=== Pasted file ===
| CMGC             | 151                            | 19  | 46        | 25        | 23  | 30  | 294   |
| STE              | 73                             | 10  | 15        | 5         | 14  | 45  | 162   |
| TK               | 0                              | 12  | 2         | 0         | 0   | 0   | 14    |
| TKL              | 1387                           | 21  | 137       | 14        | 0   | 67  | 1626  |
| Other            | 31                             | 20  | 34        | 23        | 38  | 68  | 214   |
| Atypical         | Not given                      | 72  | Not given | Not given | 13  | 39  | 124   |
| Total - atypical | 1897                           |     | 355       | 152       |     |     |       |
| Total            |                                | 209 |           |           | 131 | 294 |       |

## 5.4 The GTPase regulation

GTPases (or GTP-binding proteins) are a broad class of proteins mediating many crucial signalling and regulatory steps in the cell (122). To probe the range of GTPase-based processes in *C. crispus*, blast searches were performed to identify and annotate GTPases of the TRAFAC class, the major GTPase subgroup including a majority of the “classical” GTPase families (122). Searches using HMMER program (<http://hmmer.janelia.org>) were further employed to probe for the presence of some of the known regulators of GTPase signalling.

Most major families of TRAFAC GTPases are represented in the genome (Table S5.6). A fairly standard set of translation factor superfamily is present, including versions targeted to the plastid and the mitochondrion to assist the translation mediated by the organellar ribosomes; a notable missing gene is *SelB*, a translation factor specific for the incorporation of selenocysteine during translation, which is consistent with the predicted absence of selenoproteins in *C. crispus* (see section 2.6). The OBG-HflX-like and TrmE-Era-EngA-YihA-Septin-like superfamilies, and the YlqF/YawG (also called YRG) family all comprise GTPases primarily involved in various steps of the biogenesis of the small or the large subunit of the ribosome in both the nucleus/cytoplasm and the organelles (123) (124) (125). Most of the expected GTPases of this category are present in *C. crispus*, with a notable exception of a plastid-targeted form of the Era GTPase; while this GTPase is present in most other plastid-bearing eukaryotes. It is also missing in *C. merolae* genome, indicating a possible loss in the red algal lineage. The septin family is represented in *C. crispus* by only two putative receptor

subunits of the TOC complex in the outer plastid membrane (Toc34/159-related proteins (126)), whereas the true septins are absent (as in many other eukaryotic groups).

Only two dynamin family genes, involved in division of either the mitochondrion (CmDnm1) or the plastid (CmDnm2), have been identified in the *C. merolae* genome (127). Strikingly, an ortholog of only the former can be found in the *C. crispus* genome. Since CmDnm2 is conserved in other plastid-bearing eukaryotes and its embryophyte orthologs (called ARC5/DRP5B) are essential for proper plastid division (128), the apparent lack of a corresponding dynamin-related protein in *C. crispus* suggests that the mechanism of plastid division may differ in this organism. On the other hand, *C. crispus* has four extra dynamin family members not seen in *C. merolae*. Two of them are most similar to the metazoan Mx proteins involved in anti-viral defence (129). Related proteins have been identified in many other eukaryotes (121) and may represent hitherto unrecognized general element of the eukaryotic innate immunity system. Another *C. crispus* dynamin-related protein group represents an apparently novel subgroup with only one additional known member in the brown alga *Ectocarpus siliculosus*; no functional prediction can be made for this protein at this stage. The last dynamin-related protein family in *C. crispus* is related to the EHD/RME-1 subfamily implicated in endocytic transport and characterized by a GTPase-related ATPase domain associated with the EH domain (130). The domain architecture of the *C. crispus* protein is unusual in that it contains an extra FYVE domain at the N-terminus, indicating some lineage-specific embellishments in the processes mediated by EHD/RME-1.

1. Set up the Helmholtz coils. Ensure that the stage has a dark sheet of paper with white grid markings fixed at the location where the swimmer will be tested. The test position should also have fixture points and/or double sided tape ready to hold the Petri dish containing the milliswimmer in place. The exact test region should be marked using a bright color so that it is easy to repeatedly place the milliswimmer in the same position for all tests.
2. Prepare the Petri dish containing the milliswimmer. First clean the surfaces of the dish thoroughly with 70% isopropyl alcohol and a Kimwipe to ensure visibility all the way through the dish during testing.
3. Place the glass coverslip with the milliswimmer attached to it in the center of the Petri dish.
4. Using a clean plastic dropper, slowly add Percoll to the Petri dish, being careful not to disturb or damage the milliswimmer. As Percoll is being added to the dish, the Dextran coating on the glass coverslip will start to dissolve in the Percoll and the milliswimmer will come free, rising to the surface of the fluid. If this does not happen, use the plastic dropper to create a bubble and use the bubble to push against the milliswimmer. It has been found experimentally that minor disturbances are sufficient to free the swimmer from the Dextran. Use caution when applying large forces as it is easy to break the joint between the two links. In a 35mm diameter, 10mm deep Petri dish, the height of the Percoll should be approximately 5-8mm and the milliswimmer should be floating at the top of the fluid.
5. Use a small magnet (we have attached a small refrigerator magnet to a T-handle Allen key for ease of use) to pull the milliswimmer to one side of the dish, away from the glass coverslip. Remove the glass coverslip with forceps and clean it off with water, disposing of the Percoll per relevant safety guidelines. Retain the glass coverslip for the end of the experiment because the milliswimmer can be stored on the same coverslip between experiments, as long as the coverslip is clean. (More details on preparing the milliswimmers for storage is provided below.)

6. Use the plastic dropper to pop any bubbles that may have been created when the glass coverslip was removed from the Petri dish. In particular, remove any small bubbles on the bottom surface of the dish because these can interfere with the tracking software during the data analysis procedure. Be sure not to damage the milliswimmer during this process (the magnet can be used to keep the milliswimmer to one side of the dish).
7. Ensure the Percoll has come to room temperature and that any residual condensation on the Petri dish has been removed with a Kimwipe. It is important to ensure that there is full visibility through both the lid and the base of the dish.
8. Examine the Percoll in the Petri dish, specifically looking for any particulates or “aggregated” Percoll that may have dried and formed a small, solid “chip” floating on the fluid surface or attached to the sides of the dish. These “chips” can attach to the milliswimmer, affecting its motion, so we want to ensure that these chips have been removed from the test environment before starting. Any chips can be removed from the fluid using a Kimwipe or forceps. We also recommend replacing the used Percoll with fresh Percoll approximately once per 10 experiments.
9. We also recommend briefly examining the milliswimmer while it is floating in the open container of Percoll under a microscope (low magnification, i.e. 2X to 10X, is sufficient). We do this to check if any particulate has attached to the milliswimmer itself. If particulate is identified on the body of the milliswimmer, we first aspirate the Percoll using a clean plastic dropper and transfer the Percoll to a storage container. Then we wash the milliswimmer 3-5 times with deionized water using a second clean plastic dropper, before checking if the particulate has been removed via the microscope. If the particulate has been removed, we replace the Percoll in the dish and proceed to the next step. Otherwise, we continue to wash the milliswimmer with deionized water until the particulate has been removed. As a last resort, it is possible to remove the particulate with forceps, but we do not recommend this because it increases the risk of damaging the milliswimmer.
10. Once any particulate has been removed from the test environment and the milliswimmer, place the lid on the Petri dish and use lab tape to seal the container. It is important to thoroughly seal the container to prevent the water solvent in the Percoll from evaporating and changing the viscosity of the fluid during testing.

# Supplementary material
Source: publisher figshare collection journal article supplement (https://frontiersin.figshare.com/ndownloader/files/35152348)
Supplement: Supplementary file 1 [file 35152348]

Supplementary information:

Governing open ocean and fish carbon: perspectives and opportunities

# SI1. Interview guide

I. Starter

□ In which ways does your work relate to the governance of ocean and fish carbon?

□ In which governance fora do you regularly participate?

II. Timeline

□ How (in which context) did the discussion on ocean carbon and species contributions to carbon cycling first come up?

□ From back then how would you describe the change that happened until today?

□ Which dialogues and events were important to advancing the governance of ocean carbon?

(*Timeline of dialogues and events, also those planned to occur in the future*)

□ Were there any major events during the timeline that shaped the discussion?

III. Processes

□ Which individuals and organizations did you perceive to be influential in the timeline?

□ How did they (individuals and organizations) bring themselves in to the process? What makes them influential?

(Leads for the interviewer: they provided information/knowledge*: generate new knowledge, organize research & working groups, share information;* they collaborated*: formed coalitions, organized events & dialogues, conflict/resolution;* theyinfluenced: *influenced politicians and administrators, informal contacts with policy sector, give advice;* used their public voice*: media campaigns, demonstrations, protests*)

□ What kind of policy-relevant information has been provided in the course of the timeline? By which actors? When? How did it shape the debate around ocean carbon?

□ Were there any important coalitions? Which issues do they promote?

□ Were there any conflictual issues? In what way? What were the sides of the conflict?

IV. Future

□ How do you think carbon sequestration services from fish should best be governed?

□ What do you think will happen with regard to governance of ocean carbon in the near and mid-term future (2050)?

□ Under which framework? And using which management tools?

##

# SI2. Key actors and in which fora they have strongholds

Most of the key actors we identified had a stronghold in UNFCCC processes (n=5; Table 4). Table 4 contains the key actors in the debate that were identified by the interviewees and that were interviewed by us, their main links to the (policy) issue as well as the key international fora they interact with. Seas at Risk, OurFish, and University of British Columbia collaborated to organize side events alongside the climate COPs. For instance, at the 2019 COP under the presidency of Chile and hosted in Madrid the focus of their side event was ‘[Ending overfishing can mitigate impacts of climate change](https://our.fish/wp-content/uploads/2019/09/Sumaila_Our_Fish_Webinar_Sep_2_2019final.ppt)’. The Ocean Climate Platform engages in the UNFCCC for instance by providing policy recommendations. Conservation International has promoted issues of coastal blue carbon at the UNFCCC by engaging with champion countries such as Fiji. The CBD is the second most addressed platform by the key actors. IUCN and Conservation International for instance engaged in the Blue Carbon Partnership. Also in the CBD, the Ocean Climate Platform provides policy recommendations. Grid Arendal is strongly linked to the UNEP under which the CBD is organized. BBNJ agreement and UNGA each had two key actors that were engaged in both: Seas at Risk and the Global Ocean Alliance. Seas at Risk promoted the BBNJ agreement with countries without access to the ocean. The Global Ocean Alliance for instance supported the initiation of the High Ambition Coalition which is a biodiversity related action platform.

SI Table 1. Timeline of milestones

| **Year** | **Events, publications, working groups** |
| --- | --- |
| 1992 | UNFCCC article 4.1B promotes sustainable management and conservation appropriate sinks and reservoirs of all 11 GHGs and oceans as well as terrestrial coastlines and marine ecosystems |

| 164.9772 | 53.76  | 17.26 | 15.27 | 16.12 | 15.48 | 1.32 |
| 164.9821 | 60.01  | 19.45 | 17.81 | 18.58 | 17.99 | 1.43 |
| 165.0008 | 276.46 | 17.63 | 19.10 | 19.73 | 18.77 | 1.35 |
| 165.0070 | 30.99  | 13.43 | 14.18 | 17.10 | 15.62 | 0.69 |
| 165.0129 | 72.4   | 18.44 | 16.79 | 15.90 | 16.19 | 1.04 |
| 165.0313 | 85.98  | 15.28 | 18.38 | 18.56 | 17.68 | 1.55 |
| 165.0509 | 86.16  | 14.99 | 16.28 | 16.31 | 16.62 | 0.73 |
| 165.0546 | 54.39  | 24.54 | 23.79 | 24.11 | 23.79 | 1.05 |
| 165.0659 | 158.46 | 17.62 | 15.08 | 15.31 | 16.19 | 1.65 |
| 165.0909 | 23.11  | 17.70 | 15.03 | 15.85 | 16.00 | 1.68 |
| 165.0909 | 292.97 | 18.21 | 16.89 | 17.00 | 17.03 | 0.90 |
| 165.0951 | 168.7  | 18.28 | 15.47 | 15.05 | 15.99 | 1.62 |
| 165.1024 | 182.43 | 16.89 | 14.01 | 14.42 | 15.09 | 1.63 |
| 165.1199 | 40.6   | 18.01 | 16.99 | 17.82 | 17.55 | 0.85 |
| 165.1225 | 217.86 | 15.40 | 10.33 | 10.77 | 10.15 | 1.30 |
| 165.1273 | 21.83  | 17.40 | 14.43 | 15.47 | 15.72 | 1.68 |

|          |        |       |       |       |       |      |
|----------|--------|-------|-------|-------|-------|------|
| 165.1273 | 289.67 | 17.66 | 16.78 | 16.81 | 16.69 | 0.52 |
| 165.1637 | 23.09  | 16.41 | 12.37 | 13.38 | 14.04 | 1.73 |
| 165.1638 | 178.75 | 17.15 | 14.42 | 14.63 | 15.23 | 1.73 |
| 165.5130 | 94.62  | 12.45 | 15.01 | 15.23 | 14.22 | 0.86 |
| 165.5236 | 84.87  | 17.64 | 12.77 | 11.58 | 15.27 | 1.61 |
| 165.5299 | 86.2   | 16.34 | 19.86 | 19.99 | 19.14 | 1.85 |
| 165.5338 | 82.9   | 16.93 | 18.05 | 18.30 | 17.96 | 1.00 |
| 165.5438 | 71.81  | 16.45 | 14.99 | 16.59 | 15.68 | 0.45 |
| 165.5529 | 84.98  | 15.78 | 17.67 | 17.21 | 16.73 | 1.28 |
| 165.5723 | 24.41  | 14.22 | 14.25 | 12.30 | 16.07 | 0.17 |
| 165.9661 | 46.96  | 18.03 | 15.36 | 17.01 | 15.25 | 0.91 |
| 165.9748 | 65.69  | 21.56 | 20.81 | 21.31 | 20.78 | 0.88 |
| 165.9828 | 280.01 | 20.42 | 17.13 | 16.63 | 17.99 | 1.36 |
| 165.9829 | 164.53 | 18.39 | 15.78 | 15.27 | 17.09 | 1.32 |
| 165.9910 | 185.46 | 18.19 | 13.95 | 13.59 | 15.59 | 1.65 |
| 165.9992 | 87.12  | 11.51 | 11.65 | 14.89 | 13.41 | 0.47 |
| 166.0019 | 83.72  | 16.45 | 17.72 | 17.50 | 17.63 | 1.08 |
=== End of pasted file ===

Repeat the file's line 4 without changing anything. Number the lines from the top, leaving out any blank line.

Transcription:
| TKL              | 1387                           | 21  | 137       | 14        | 0   | 67  | 1626  |